The incidence of invasive breast cancer among women age 65 years or older is twice that among those age 35 to 44 years,
The incidence of invasive breast cancer among women age 65 yearsor older is twice that among those age 35 to 44 years, and thedeath rate from breast cancer is approximately three times higheramong women 65 years old than among women 35 to 64 years of age.Although routine screening mammography among women age 50 yearscan reduce breast cancer mortality by 30% by detecting tumorsat early, more treatable stages, older women are less likely toreceive screening mammograms. The Health Care Financing Administration(HCFA) routinely examines trends in the use of health servicesby age, race, and sex to monitor access to medical care for Medicarebeneficiaries. Using Medicare claims data, HCFA estimated ratesof mammography use among women 65 years old during 1991 through1993. This report presents the findings of that analysis.
Women enrolled in Medicare are eligible for diagnostic and screeningmammograms under the Medicare Part B program, which enrolls approximately96% of US residents 65 years old. Biennial screening mammographyfor women age 65 years has been a Medicare benefit since January1, 1991; previously, only diagnostic mammograms were covered underMedicare Part B. Both screening and diagnostic mammography arereimbursed at 80% of allowed charges after an annual deductibleof $100 for all Part B services.
For this analysis, Medicare claims data for services providedduring 1991 through 1993 were used to calculate annual rates ofmammography use for enrolled women age 65 years; age- and race-specificrates also were calculated. Race-specific rates are presentedfor blacks and whites only because identification of other racialgroups is incomplete in the Medicare administrative data system.Because claims are not submitted for the Medicare population enrolledin managed-care plans (approximately 7% in 1993), rates are basedon women enrolled in fee-for-service Medicare.
Three cohorts of women were established using the Medicare denominatorfiles for 1991, 1992, and 1993. Each annual cohort consisted ofapproximately 16 million women who were continuously enrolledin fee-for-service Medicare parts A and B. Women excluded fromthis analysis were those less than 65 years old as of January1 of the year, those enrolled in a health maintenance organizationat any time during the year, and those who died during the year.Rates of mammography use represent the percentage of women ineach cohort who had one or more mammograms (screening or diagnostic)during that year. Because providers do not uniformly apply thecodes used to bill Medicare for mammograms, Medicare claims cannotreliably distinguish screening and diagnostic mammograms; therefore,both types of mammography are included in this analysis.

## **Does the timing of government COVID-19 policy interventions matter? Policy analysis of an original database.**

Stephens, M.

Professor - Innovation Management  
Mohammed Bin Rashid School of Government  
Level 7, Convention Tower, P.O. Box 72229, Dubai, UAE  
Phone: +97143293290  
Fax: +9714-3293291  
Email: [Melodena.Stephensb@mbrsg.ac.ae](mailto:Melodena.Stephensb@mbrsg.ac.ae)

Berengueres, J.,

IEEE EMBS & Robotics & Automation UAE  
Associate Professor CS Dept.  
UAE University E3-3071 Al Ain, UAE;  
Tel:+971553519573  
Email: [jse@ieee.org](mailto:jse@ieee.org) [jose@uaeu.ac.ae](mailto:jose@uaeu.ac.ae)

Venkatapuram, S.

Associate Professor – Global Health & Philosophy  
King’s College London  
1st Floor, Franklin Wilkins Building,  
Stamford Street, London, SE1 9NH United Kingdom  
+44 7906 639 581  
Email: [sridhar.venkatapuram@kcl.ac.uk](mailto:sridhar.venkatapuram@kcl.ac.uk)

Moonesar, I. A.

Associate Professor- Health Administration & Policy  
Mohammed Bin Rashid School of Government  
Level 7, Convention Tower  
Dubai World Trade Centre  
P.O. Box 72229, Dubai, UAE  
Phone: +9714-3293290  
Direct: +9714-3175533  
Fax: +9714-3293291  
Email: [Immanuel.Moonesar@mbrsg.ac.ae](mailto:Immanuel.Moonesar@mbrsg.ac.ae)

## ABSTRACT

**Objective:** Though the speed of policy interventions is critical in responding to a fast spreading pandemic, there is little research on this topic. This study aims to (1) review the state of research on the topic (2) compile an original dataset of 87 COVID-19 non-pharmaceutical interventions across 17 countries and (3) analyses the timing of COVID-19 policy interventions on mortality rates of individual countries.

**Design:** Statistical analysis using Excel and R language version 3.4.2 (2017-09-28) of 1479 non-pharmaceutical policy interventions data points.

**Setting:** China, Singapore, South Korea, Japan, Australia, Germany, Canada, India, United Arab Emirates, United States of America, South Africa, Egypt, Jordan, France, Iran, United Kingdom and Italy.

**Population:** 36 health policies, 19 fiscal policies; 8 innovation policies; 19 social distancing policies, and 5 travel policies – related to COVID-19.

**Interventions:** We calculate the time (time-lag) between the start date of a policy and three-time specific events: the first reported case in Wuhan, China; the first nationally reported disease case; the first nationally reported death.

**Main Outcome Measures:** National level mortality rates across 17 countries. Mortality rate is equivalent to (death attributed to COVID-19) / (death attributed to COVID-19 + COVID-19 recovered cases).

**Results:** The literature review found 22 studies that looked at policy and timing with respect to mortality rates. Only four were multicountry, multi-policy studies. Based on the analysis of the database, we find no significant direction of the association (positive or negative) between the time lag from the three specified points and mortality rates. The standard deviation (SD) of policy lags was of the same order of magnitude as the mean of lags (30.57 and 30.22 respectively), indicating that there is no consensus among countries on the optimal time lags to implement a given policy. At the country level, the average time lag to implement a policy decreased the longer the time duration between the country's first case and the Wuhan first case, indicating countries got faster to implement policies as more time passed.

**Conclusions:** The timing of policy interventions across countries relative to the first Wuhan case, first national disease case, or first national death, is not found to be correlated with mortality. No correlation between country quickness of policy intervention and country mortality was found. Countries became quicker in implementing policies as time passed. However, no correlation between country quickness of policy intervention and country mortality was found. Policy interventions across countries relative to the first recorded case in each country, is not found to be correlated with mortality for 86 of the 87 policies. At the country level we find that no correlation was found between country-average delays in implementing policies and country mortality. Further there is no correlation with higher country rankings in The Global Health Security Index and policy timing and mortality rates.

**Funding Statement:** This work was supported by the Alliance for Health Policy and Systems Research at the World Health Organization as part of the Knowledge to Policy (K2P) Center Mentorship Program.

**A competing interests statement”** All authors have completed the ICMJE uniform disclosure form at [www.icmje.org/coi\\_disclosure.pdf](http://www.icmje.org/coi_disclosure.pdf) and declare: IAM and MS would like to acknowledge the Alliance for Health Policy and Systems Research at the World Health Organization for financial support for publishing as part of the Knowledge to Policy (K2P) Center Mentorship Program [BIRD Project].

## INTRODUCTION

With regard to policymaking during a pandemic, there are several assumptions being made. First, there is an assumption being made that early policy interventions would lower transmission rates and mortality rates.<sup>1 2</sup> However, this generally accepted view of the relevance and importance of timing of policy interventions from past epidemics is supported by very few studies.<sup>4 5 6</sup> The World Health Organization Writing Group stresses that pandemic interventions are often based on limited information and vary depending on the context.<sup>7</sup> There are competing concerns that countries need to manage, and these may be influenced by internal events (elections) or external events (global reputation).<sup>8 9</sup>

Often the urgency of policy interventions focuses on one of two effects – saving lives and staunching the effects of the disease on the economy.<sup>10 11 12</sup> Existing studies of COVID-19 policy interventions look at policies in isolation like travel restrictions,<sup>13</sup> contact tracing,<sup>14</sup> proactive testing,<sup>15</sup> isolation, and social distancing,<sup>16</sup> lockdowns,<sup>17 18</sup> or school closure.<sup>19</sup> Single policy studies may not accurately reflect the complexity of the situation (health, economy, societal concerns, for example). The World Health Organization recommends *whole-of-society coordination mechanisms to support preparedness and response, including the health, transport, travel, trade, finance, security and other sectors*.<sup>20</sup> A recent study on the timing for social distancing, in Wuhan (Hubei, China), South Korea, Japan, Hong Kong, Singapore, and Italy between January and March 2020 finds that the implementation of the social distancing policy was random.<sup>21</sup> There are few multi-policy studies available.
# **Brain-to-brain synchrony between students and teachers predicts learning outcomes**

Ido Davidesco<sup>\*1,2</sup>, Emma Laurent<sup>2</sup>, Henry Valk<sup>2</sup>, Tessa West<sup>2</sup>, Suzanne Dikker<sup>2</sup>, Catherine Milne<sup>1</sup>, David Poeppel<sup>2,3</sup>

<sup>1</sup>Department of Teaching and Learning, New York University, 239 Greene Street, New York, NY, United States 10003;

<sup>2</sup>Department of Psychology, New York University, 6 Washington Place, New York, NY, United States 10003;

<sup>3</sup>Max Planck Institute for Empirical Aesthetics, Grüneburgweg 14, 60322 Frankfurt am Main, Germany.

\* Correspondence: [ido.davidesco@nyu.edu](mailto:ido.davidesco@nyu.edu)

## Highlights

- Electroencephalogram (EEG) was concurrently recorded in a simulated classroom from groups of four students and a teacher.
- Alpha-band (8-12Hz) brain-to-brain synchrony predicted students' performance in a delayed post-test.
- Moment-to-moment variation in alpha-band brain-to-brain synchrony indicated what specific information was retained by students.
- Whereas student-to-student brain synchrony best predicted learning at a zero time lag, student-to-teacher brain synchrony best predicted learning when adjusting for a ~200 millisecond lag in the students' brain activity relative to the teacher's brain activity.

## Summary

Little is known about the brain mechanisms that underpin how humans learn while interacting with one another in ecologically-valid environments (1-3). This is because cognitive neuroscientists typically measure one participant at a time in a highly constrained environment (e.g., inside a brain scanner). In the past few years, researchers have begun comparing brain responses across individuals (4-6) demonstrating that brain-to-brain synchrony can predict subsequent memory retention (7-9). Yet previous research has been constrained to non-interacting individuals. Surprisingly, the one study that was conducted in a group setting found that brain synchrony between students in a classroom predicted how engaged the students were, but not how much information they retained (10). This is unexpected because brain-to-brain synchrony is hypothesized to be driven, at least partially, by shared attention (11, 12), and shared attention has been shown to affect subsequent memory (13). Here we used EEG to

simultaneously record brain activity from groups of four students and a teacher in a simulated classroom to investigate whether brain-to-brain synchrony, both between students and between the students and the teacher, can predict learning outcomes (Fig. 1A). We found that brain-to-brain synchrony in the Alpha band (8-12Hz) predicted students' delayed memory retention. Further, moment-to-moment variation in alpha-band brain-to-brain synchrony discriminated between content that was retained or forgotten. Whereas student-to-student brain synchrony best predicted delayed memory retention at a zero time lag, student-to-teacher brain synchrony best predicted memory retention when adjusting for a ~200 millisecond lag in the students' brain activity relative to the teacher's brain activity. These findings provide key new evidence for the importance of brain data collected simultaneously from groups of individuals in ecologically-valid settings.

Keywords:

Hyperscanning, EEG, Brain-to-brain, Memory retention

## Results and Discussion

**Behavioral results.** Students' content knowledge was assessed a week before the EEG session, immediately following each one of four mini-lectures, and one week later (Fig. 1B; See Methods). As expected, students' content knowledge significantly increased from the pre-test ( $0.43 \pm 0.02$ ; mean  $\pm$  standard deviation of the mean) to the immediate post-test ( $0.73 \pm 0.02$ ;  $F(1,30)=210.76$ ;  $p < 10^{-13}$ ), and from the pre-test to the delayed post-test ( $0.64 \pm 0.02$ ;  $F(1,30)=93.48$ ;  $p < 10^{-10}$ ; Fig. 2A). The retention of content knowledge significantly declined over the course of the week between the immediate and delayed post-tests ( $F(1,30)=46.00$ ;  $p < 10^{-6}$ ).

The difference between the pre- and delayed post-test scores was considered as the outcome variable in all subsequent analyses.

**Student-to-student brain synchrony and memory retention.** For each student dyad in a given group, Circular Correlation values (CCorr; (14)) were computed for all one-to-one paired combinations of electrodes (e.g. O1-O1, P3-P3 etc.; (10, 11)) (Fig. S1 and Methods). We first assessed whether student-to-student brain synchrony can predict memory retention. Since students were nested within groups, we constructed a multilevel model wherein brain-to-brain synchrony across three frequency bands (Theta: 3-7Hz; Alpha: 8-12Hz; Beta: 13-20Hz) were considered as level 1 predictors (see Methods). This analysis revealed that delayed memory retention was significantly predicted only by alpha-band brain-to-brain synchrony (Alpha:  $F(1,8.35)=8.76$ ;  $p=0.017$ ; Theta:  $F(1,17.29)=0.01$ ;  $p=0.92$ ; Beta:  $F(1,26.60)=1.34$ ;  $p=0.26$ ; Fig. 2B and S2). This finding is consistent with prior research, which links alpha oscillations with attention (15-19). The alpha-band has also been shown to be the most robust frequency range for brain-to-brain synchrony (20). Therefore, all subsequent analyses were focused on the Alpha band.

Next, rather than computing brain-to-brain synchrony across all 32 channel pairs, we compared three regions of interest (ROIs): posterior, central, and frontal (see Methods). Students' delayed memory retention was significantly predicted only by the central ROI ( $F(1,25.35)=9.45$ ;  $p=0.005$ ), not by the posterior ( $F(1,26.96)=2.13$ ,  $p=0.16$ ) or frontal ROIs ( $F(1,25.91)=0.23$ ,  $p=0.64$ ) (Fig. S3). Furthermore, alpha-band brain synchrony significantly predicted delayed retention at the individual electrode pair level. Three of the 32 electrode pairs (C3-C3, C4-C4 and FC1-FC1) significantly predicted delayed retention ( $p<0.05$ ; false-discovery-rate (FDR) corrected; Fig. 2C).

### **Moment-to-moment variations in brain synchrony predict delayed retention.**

During 1991 through 1993, of each annual cohort of approximately16 million women age 65 years who were continuously enrolled infee-for-service Medicare, 3.8 to 4.0 million (approximately 25%)had one or more mammography claims. During this period, ratesof mammography use varied inversely with age of the beneficiary(Figure 1); in all years, the rate for women aged 80 to 84 yearsold was less than half that for women 65 to 69 years old. Forall age groups, black women were less likely than white womento have received mammograms, although this difference declinedduring each of the 3 years: in 1991, the black-to-white ratioof mammography rates was 0.64:1, compared with 0.71:1 in 1993.
Editorial Note from the CDC: The findings in this reportare consistent with previous studies that indicate a low rateof mammography use among women 65 years old. In this analysis,black women and women 85 years old were least likely to have receivedmammograms under Medicare. A national health objective for theyear 2,000 is to increase to 60% the percentage of women 50 yearsold who received a mammogram and clinical breast examination duringthe previous 2 years (objective 16.11). Among Medicare beneficiaries,the biennial rate of mammography use for 1992 to 1993 was 37%for women 65 years old.
In addition to the patient and physician attributes known to influencescreening mammography use, three additional factors may explainthe low rate of use among this elderly Medicare population. First,for women 75 years old, low rates of use maybe a consequence ofvariations in recommendations by professional associations toperform screening mammography for women in this age group. Second,for black women, low rates may reflect financial barriers (eg,the Part B deductible or copayments) and other obstacles in thedelivery of health services to women of lower socioeconomic status.Finally, overall low use of mammography by Medicare beneficiariesalso may reflect limited awareness of this health benefit: in1992, approximately two-thirds of elderly women were unaware thatmammography was a Medicare benefit.
In response to the low awareness and low use of the Medicare mammographybenefit, HCFA has organized multimedia outreach efforts throughits national and regional offices. Since May 1995, approximately50 major organizations have participated in campaigns to publicizemammography as a Medicare benefit; participating organizationshave included the CDC and other federal agencies, health-careprovider associations, senior citizen groups, voluntary organizations,major corporations, and trade associations. These outreach effortsalso are being promoted during National Breast Cancer AwarenessMonth in October. In addition to informational efforts aimed atelderly women enrolled in Medicare and their families, county-leveland race-specific annual and biennial mammography rates were madeavailable to local and national health organizations to assistin developing interventions to increase mammography use.